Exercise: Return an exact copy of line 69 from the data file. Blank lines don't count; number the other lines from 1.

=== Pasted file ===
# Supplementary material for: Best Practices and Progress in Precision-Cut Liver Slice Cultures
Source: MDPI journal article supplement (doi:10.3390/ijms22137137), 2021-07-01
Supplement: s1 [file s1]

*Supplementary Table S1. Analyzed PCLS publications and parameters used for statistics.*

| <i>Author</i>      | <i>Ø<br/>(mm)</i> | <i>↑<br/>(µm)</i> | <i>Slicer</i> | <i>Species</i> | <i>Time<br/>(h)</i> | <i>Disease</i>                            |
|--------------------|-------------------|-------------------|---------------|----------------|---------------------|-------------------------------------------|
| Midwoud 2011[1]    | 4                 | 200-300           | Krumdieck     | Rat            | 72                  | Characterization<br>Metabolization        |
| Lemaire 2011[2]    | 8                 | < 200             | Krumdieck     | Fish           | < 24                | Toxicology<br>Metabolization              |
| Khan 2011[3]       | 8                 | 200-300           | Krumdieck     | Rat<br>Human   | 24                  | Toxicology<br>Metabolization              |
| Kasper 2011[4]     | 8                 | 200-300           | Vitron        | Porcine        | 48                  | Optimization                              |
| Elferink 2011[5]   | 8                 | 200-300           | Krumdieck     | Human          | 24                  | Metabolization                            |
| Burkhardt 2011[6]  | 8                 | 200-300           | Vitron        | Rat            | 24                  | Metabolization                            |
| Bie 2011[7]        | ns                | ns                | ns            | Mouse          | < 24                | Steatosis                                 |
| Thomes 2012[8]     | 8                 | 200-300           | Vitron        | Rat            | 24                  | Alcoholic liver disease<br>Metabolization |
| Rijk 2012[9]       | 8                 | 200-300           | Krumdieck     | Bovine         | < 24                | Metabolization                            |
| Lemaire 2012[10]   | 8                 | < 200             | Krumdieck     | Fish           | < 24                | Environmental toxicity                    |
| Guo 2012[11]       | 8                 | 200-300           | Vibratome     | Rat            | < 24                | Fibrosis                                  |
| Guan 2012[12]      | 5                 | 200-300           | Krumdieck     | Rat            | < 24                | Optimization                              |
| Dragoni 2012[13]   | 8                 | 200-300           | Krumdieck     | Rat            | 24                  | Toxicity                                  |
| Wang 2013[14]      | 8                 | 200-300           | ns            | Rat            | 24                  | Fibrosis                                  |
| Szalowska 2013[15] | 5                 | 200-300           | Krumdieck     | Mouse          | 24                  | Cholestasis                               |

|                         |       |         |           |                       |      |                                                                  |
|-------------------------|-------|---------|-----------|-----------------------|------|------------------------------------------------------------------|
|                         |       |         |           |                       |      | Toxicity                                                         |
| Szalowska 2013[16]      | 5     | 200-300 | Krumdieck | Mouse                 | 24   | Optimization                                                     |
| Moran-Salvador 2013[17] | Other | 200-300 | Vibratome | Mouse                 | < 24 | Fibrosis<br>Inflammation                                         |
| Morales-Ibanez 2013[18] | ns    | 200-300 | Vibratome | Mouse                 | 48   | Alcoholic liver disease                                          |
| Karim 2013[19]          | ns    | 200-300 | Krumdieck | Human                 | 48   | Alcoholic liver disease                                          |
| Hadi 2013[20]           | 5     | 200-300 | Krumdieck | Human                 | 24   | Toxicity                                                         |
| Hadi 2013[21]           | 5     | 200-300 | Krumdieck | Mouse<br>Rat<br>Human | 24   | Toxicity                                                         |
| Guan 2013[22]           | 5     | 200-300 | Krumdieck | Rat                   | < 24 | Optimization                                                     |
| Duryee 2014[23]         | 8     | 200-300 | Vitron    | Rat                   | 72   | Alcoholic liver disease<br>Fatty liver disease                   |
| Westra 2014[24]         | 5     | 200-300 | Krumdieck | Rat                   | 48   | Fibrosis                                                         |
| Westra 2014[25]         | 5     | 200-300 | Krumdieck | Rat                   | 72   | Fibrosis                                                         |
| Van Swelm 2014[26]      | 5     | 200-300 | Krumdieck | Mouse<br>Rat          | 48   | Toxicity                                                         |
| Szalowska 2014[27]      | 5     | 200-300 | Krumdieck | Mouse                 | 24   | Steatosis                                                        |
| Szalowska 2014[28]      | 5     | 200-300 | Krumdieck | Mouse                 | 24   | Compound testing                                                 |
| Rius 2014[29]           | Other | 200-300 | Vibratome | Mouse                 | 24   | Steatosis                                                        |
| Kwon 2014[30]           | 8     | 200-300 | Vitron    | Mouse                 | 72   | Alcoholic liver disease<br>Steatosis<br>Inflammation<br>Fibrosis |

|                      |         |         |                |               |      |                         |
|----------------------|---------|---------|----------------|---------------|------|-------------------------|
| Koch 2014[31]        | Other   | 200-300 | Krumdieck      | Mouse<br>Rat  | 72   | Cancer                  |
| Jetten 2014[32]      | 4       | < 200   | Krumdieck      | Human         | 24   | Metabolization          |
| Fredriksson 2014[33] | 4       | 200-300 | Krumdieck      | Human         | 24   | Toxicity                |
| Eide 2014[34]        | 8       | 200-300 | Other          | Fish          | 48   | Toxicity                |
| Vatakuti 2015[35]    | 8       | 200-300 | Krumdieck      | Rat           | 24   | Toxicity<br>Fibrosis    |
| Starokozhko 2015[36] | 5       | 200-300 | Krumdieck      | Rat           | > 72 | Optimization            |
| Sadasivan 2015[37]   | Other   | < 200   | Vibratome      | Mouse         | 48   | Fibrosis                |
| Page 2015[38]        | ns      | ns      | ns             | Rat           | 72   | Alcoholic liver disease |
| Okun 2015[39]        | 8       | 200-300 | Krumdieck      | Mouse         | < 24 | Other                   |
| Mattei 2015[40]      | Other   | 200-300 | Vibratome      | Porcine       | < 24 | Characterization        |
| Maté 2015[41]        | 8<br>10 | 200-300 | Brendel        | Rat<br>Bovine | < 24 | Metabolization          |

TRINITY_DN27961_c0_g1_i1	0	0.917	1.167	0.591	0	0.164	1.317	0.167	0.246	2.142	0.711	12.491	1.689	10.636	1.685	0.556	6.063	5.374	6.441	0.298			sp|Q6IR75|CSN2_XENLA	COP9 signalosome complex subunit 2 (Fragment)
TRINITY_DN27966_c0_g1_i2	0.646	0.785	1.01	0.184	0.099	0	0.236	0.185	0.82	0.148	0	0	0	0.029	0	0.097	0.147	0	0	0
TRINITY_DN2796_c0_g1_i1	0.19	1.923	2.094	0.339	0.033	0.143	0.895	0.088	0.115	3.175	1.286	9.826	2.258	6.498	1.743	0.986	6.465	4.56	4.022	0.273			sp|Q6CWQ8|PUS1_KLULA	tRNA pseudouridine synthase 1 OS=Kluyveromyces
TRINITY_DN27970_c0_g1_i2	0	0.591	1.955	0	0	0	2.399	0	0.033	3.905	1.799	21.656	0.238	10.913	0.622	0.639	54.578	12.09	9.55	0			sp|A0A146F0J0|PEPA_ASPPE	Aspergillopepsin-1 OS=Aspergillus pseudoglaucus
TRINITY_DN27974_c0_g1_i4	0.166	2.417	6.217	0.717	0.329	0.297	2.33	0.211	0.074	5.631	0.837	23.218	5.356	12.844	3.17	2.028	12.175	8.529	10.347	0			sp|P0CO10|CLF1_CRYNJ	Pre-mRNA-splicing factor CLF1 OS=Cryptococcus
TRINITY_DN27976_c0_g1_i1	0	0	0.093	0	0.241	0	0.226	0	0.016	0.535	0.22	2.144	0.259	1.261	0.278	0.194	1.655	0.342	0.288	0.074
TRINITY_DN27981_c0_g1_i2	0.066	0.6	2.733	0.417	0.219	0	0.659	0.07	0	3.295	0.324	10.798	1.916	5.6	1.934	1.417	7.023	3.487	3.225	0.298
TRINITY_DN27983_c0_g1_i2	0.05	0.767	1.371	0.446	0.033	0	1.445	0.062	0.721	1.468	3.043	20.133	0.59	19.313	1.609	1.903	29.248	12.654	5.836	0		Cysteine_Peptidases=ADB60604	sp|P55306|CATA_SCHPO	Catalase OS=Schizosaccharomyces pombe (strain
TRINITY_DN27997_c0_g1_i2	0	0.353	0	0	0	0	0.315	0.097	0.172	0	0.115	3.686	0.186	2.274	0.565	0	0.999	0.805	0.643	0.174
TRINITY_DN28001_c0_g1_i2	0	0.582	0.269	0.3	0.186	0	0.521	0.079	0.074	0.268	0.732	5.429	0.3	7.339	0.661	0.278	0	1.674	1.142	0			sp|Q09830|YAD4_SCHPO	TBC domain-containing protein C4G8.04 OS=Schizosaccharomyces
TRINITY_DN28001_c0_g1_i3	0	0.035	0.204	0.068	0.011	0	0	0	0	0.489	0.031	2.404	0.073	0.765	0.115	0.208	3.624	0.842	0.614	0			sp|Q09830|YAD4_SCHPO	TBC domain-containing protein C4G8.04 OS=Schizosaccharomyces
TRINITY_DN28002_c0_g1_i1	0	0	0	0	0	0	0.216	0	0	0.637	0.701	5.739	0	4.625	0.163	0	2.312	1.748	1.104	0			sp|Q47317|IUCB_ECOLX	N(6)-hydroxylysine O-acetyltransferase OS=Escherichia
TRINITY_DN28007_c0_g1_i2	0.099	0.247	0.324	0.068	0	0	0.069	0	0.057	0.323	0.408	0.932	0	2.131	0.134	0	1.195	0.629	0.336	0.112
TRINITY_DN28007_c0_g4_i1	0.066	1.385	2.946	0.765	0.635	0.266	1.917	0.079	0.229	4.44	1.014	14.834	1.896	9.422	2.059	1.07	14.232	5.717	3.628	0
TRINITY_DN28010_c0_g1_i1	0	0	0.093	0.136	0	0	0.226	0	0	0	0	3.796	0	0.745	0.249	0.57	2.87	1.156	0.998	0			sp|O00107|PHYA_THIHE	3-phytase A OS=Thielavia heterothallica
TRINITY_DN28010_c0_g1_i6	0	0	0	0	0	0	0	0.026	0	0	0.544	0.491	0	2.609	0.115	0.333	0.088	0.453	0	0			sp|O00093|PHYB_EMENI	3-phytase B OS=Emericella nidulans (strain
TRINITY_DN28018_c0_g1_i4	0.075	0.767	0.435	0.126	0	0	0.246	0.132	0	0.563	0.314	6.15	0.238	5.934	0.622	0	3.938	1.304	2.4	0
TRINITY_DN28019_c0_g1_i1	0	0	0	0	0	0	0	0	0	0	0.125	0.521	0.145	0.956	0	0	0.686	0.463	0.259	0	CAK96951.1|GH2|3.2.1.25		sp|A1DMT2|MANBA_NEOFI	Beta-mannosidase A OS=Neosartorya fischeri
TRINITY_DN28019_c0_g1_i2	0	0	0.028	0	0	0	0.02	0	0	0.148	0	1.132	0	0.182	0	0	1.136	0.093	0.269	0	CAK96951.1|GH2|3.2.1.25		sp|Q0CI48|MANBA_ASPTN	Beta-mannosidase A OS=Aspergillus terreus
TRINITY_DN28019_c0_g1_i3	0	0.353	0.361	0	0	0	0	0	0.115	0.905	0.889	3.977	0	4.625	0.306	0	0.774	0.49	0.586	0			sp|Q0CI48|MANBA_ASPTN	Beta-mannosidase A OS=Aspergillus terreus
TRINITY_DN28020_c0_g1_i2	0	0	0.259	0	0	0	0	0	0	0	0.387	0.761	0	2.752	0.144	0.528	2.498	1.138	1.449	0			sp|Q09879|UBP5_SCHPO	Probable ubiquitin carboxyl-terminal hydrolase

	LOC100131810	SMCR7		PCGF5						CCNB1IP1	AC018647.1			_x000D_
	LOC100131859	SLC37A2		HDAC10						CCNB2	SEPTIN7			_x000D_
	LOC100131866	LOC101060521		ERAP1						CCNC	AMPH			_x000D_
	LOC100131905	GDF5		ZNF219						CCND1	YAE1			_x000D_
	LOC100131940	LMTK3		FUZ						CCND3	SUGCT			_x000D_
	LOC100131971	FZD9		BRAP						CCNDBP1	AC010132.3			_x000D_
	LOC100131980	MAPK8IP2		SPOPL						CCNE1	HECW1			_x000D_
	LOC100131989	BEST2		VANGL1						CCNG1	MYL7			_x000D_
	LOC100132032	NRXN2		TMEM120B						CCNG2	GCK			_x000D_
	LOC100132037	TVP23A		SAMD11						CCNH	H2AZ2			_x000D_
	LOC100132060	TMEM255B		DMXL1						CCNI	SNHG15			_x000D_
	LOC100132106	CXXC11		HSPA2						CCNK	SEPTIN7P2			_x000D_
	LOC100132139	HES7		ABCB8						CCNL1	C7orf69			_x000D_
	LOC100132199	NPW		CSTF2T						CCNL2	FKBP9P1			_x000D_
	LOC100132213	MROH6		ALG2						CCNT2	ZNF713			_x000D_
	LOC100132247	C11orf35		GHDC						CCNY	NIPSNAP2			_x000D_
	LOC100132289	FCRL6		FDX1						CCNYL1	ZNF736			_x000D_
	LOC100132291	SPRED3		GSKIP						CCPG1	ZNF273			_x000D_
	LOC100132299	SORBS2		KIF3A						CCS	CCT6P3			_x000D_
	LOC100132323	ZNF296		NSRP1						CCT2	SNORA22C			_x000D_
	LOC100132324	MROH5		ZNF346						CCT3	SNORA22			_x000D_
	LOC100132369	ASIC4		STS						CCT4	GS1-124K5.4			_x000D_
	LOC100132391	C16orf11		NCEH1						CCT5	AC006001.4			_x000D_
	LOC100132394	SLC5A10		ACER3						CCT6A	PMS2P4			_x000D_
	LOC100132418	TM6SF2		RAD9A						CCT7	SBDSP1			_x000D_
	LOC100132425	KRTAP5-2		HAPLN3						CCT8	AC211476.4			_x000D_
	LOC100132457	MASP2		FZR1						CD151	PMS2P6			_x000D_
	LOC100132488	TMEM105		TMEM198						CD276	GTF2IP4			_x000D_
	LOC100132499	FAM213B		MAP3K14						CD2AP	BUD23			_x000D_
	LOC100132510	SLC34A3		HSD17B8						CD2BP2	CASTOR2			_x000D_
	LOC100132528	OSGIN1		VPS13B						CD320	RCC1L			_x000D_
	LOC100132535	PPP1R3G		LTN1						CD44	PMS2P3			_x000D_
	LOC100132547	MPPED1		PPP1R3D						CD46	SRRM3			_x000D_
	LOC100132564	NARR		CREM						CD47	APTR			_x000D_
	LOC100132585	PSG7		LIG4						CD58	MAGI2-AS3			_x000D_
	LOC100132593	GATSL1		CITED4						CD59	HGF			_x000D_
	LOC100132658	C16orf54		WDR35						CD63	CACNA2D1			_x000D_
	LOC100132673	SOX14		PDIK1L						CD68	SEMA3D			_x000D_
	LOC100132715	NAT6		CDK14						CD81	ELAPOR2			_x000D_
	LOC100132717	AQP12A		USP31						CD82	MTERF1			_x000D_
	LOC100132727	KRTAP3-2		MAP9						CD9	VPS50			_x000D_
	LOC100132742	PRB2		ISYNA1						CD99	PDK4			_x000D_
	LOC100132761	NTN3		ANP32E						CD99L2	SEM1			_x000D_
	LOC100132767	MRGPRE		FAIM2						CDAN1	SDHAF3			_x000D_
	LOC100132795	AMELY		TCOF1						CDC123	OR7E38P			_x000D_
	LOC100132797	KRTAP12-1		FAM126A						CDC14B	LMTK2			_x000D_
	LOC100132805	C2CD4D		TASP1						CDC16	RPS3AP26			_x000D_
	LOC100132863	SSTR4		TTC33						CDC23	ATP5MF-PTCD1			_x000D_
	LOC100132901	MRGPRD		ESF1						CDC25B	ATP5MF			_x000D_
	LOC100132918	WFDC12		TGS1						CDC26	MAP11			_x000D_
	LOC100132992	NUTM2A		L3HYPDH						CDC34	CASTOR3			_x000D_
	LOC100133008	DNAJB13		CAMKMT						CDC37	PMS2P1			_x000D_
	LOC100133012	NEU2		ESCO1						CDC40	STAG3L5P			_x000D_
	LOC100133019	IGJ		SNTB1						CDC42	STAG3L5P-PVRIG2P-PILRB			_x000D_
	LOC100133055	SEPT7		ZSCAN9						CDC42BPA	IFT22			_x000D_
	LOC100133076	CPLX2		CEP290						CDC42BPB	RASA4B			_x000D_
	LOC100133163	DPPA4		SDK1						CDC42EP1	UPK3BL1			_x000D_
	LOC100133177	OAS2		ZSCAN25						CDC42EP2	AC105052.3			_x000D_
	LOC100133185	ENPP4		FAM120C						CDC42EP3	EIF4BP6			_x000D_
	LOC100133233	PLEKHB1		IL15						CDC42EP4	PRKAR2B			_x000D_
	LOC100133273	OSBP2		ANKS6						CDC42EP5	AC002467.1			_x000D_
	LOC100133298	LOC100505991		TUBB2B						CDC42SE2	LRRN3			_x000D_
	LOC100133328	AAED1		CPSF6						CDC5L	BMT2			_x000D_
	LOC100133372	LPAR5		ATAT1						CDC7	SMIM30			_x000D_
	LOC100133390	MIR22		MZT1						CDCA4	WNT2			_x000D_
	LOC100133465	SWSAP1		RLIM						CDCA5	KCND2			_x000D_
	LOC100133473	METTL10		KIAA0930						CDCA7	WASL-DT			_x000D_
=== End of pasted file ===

TRINITY_DN28018_c0_g1_i4	0.075	0.767	0.435	0.126	0	0	0.246	0.132	0	0.563	0.314	6.15	0.238	5.934	0.622	0	3.938	1.304	2.4	0